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If I have say $2$ A matrices, $2$ B matrices and $1$ C matrix then I would like to know how many distinct traces of products of all of them can be formed.

Assume that $A$, $B$ and $C$ don't commute with each other.

Like $AABBC$, $CAABB$ and $BCAAB$ are distinct products which will have the same trace but $ABABC$ has a different trace.

I would like to know how to count the number of products upto having the same trace.

  • Though I don't need it at this point I would be curious to know how the problem might get complicated if one assumes any or more of the pair of matrices commute.
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Your title does not reflect your question. – lhf Mar 25 '11 at 15:46
If two words are not cyclically related, does that mean their traces are different or could be different? – Douglas Zare Mar 25 '11 at 16:06
Note that your examples don't match the original restrictions (they have only two $A$s, two $B$s, and one $C$). – Arturo Magidin Mar 25 '11 at 16:17
If we consider only the equivalence of strings under cyclic permutations, counting the distinct equivalence classes is a type of necklace problem. If certain matrices commute, then this would create additional equivalences, complicating the counting. – hardmath Mar 25 '11 at 16:24
@Arturo Thanks for pointing out the typo with the number of Bs..corrected that. – Anirbit Mar 25 '11 at 20:32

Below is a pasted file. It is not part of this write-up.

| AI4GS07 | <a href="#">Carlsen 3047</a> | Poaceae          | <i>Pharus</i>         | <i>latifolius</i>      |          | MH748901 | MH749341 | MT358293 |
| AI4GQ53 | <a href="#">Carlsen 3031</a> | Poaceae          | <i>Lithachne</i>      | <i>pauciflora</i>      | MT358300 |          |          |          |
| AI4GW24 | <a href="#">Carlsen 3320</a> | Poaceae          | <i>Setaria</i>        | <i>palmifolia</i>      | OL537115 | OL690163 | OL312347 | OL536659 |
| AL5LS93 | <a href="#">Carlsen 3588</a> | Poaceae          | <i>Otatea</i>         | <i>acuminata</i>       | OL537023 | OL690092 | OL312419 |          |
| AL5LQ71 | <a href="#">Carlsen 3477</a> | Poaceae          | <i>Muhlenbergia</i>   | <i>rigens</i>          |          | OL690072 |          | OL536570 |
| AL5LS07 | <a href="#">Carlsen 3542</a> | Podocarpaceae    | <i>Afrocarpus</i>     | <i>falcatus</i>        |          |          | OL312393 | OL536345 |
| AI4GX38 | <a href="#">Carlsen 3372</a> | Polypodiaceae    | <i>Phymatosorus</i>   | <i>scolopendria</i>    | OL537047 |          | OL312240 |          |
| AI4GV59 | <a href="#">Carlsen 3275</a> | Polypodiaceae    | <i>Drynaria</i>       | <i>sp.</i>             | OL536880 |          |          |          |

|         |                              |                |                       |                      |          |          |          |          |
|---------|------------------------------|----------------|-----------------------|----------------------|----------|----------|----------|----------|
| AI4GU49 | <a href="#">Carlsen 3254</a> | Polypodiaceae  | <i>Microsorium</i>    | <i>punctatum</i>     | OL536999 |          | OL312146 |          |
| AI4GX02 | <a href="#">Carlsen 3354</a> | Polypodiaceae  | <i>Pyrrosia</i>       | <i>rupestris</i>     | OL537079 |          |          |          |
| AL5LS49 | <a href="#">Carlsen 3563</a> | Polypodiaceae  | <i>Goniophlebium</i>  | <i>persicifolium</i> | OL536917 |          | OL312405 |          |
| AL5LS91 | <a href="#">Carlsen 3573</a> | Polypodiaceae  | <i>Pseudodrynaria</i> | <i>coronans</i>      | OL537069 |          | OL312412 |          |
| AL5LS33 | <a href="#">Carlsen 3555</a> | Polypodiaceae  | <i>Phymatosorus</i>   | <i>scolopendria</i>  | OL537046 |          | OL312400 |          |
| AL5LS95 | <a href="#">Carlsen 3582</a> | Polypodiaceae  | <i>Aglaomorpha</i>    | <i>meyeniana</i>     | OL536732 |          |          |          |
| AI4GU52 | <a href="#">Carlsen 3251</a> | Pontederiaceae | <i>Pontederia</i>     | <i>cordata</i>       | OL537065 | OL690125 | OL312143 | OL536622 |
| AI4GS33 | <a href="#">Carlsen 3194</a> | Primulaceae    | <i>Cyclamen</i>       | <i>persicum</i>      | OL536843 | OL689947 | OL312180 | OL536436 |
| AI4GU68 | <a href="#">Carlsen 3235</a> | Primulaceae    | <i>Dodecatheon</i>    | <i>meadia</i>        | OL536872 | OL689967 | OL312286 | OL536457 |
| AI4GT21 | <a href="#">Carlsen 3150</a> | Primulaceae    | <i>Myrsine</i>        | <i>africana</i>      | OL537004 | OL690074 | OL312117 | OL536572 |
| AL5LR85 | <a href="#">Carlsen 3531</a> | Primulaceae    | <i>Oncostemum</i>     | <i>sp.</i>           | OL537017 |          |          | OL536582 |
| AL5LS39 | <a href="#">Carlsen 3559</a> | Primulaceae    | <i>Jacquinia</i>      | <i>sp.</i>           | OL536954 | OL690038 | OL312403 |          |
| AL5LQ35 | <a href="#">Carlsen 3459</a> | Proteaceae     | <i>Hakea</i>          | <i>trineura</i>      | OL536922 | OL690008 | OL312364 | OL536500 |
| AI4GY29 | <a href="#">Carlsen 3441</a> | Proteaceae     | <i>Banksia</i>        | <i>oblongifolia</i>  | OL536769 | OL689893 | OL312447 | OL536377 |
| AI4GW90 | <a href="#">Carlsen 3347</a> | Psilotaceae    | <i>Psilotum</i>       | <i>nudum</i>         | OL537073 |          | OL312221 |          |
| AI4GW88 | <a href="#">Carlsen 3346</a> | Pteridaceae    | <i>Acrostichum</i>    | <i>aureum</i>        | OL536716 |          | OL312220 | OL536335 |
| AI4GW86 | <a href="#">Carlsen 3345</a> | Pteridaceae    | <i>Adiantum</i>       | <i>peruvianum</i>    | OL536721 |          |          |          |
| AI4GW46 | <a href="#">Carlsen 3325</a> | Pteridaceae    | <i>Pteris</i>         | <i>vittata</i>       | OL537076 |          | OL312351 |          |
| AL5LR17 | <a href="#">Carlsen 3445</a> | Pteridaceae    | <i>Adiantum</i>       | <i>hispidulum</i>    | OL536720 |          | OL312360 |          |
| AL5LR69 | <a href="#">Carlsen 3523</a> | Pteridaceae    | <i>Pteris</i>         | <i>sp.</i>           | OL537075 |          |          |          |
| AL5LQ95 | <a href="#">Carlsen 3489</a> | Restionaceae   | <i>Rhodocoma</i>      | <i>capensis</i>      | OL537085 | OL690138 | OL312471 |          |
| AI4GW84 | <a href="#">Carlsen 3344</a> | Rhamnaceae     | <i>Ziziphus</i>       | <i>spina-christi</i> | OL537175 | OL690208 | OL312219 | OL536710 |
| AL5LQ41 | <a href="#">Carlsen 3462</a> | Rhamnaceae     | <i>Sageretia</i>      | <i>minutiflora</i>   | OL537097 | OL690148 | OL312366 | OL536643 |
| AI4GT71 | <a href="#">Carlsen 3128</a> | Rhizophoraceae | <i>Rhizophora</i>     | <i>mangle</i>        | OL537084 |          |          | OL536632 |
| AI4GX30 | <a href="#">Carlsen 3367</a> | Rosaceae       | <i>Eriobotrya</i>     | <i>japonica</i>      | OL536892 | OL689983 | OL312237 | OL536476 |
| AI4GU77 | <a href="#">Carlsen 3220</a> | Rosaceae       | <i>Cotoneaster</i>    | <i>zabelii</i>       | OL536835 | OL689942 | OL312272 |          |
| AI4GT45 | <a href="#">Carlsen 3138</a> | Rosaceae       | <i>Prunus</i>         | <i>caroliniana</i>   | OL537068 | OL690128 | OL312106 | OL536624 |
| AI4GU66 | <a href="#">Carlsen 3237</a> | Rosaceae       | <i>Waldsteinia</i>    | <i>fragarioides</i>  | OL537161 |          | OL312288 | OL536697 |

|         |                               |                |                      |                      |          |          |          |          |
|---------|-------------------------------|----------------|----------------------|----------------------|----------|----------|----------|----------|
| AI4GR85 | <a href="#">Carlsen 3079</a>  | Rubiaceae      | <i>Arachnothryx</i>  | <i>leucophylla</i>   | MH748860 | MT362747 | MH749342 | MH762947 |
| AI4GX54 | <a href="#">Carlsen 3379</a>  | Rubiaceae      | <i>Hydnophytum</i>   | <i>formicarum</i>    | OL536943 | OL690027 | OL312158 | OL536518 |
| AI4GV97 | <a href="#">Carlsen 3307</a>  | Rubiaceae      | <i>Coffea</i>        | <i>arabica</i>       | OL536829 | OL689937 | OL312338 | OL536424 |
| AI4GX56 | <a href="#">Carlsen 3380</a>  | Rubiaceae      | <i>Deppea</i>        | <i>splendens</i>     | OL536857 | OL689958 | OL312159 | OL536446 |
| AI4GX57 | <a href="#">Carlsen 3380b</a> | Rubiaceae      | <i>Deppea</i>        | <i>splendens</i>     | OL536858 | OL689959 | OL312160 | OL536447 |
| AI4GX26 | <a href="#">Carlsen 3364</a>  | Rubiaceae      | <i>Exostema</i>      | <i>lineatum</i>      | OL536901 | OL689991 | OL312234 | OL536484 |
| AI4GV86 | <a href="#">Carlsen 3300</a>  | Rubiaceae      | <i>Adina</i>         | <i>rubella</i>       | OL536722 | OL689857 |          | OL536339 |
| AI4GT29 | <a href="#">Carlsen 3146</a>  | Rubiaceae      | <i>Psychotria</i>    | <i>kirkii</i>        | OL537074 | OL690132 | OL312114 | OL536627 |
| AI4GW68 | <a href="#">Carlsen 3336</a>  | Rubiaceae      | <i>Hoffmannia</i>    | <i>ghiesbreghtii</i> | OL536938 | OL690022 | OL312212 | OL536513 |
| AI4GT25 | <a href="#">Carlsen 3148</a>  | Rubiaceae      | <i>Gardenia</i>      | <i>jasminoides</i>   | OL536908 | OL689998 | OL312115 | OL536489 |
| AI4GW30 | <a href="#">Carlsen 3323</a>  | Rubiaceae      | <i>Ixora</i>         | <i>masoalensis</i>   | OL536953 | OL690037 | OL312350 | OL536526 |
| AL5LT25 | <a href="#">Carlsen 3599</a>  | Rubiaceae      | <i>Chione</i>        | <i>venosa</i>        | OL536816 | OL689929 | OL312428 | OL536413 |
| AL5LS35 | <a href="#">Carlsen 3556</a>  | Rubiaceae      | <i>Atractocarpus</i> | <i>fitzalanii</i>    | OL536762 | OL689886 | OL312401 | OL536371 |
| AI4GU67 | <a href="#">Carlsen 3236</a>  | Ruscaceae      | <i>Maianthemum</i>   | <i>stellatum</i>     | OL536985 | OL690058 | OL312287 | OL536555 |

It sounds like you want the orbit counting theorem, also known as Burnside's lemma.

If there is no common factor to the number of matrices of each type, such as when there is only one matrix of type C, then there will be no nontrivial cyclic symmetry so the number of products up to cyclic symmetry will be ${n\choose \#A,\#B,\#C}/n$.

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In the instant example (2A's,3B's,1C) the position of the C fixes a cycle, so that what results is a count of $\binom{5}{2}$ choices for the remaining positions of A. Of course not much can be said about the distinctness of traces without more explicit information about the matrices. – hardmath Mar 25 '11 at 16:31

If you want to count the number of sequences with a fixed number of different types of letters up to cyclic permutation (words that are not guaranteed to have the same trace), then a complete answer is provided by the Polya(-Redfield) enumeration theorem, which is a corollary of Burnside's lemma.

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@Qiachu Apologies for being naive. But how is what you are saying different from that of Douglas' answer? Is the difference that you are not assuming the number of matrices of each type to be co-prime to each other as him? – Anirbit Mar 31 '11 at 7:56
Douglas didn't give a complete answer and I gave a link that works out the complete answer. – Qiaochu Yuan Mar 31 '11 at 18:26

Edited since the problem has changed slightly.

Note that it is not necessarily the case that $ABABC$ will have different trace from $AABBC$; it's just that they are not guaranteed to have the same trace.

So, you want to count the number of distinct words, modulo an equivalence relation that identifies two words if they are cyclical permutations of each other.